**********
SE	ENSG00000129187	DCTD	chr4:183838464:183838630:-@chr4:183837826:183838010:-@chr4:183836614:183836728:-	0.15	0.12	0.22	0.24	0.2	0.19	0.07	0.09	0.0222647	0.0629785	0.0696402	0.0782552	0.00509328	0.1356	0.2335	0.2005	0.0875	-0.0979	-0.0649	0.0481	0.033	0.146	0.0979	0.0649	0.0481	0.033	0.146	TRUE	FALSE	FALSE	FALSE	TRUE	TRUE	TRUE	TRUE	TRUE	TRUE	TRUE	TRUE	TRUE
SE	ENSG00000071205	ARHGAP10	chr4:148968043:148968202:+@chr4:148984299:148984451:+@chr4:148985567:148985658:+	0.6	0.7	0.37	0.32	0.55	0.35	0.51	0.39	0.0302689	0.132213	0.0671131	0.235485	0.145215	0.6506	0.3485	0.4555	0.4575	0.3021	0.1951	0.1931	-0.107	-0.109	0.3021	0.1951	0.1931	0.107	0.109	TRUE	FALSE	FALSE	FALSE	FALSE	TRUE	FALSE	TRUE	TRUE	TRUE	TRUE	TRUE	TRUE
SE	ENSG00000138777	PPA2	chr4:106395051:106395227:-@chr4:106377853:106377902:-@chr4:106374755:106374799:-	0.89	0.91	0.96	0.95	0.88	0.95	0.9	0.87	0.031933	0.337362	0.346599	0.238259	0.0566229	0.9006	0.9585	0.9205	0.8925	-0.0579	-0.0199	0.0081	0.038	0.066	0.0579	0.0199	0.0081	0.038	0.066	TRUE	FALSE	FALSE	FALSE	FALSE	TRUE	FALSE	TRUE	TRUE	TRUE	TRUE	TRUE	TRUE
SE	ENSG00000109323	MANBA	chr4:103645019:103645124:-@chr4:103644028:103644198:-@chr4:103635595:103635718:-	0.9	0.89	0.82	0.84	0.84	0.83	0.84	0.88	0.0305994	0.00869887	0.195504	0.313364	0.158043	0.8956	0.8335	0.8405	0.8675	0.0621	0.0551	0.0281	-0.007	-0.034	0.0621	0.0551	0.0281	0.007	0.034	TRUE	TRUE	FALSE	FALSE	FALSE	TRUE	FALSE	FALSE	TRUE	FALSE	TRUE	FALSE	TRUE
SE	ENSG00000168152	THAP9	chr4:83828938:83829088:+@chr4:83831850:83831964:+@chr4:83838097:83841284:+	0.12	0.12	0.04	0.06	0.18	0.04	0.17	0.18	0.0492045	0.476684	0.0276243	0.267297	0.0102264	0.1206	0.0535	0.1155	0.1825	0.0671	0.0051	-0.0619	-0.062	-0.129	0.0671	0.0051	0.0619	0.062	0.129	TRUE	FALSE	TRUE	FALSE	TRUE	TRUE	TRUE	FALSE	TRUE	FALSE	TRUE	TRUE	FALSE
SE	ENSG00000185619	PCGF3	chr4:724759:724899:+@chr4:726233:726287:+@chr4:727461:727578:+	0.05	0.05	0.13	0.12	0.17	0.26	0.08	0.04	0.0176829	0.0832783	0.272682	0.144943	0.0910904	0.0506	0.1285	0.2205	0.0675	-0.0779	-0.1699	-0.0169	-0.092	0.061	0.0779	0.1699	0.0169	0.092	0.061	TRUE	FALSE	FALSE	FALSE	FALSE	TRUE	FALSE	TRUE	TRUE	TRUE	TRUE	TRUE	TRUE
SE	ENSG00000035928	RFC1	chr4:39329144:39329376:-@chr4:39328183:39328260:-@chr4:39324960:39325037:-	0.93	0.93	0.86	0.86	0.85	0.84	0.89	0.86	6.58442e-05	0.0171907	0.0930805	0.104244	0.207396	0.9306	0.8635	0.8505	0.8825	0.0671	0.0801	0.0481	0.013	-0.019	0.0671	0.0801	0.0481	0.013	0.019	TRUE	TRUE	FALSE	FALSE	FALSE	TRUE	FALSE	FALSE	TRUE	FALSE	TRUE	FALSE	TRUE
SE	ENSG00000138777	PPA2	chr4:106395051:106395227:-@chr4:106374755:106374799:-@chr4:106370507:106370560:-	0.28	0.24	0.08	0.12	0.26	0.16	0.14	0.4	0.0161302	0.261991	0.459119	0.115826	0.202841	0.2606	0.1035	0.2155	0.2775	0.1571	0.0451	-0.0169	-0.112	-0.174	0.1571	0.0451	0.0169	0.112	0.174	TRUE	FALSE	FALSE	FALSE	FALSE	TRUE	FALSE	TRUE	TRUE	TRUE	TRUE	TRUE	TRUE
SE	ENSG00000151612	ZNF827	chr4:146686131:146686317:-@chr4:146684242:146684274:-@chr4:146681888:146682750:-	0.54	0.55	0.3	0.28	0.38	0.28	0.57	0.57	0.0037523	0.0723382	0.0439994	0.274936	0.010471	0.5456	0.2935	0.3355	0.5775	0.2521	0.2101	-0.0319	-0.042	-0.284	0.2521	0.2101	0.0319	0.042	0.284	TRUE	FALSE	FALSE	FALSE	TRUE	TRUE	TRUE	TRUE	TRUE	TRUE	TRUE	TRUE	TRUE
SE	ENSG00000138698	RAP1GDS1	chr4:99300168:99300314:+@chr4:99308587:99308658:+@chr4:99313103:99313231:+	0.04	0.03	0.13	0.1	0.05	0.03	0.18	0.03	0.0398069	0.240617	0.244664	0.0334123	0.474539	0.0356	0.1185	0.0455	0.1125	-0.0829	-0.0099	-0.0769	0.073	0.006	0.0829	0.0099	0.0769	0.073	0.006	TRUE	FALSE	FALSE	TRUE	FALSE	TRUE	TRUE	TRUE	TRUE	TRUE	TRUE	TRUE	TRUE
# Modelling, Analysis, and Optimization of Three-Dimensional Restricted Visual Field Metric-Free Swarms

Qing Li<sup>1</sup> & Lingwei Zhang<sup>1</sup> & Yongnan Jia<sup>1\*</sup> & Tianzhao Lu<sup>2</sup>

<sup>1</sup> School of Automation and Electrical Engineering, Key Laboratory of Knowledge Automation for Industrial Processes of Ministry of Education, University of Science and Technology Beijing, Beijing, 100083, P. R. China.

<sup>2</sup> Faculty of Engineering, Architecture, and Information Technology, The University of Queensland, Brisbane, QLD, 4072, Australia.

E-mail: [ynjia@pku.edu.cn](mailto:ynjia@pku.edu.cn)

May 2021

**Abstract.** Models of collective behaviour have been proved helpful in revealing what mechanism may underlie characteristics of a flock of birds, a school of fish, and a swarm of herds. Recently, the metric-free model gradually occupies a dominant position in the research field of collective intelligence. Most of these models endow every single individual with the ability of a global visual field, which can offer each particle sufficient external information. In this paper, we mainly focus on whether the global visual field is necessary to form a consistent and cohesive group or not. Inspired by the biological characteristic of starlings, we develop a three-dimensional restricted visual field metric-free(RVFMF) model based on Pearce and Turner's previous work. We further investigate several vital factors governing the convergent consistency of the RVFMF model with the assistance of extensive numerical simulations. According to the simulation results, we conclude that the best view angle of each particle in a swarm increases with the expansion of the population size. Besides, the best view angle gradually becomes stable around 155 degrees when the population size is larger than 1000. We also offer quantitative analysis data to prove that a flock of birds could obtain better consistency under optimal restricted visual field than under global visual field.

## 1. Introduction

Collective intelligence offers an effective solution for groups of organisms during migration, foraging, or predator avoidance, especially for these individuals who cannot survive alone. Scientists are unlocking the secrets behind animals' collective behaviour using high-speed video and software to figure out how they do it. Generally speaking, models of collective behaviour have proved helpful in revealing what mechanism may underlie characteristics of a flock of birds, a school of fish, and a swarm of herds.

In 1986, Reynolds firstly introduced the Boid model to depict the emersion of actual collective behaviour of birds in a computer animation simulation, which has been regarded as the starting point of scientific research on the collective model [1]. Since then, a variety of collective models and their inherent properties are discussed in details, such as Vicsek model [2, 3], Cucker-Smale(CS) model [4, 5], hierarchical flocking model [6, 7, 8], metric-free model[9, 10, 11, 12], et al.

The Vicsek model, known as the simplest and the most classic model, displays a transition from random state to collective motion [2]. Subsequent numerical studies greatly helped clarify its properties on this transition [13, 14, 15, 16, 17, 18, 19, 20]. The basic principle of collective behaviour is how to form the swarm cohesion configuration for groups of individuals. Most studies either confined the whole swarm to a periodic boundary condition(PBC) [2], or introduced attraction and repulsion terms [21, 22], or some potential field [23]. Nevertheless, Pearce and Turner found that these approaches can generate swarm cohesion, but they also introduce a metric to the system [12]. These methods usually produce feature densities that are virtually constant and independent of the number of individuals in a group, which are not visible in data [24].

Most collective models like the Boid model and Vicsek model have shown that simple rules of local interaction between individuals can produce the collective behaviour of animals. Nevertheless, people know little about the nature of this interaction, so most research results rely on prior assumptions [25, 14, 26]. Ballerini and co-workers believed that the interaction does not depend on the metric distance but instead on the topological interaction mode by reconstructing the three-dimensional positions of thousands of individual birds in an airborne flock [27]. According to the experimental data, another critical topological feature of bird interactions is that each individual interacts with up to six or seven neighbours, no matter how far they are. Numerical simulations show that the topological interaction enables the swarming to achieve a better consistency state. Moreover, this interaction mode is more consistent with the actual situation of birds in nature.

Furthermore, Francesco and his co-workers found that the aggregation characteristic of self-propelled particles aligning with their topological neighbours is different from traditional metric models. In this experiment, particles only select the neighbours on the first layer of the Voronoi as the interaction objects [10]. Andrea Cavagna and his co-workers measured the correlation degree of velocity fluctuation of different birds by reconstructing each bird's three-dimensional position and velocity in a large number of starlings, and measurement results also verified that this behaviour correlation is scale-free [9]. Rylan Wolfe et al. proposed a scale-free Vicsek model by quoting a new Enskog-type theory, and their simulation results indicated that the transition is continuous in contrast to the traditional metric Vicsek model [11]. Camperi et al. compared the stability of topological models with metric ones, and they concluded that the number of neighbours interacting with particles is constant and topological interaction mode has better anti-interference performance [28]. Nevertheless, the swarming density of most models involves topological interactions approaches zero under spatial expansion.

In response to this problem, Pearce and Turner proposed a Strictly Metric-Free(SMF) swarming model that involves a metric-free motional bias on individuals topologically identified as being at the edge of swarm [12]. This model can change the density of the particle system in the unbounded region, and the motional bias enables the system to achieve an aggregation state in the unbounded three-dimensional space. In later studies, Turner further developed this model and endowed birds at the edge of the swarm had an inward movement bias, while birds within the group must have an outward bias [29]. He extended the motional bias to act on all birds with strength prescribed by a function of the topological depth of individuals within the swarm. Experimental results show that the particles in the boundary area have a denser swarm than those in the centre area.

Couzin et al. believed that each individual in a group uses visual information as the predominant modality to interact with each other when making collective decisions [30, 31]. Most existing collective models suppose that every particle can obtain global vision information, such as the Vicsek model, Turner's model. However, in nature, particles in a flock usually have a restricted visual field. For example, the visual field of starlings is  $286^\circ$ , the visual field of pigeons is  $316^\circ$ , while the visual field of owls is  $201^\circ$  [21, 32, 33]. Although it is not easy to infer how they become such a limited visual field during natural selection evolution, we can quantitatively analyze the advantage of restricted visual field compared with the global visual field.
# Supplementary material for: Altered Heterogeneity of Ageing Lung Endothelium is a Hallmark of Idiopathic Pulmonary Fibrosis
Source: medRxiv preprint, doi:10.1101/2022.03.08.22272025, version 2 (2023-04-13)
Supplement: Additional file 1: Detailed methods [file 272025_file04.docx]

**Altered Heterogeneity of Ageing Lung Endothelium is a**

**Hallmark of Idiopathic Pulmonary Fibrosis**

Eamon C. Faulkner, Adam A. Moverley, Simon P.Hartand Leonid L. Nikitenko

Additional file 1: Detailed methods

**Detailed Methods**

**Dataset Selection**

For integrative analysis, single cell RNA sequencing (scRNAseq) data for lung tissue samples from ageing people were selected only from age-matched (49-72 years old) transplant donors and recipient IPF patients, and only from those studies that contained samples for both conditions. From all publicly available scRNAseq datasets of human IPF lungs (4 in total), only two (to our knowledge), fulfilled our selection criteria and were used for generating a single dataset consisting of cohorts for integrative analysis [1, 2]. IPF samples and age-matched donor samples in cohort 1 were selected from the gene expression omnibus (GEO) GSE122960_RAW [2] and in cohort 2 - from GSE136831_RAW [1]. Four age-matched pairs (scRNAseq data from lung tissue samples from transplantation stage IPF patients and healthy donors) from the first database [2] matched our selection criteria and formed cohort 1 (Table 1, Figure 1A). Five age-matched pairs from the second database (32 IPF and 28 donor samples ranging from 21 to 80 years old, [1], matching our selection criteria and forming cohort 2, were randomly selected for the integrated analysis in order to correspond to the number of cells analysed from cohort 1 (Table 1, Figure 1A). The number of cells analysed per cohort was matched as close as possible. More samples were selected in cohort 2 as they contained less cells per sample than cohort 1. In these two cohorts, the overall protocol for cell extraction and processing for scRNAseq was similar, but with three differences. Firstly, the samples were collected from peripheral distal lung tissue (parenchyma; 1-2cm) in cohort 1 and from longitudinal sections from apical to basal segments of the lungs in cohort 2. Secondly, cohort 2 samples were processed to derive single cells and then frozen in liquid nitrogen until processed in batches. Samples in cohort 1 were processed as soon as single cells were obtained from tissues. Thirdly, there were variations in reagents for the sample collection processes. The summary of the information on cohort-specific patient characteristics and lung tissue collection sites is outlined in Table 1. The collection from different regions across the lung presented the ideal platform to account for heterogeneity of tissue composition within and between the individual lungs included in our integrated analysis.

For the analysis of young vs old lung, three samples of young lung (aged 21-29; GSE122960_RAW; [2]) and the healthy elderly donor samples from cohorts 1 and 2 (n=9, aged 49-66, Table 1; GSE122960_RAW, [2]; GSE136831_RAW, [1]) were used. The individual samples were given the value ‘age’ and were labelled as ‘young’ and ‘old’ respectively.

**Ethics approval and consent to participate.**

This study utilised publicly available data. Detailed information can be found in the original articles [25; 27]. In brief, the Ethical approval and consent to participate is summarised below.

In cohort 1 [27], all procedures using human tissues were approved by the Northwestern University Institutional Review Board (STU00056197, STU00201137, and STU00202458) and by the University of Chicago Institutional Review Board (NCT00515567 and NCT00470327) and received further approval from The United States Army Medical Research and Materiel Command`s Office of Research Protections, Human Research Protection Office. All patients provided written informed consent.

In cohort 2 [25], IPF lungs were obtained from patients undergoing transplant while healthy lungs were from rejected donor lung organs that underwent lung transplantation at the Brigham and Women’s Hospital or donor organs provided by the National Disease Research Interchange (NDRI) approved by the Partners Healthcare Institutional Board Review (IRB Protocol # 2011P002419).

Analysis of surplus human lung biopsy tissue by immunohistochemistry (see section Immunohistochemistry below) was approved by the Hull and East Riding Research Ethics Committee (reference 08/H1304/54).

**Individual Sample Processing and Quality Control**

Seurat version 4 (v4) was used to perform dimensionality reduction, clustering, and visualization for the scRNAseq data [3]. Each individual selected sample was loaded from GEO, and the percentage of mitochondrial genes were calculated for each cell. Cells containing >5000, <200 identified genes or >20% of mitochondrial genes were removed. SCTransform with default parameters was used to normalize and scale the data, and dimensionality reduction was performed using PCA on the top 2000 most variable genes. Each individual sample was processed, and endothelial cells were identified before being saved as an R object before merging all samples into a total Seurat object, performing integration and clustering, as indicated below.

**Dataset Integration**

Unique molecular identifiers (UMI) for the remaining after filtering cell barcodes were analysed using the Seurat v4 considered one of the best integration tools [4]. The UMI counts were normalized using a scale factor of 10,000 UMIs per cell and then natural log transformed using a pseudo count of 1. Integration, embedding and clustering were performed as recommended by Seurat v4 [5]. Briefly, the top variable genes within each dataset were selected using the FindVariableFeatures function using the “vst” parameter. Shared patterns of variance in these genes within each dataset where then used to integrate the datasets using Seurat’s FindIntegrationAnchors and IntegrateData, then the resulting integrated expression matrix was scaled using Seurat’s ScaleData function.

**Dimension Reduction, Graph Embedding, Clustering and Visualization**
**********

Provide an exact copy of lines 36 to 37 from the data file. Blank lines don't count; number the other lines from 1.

For the analysis of young vs old lung, three samples of young lung (aged 21-29; GSE122960_RAW; [2]) and the healthy elderly donor samples from cohorts 1 and 2 (n=9, aged 49-66, Table 1; GSE122960_RAW, [2]; GSE136831_RAW, [1]) were used. The individual samples were given the value ‘age’ and were labelled as ‘young’ and ‘old’ respectively.

**Ethics approval and consent to participate.**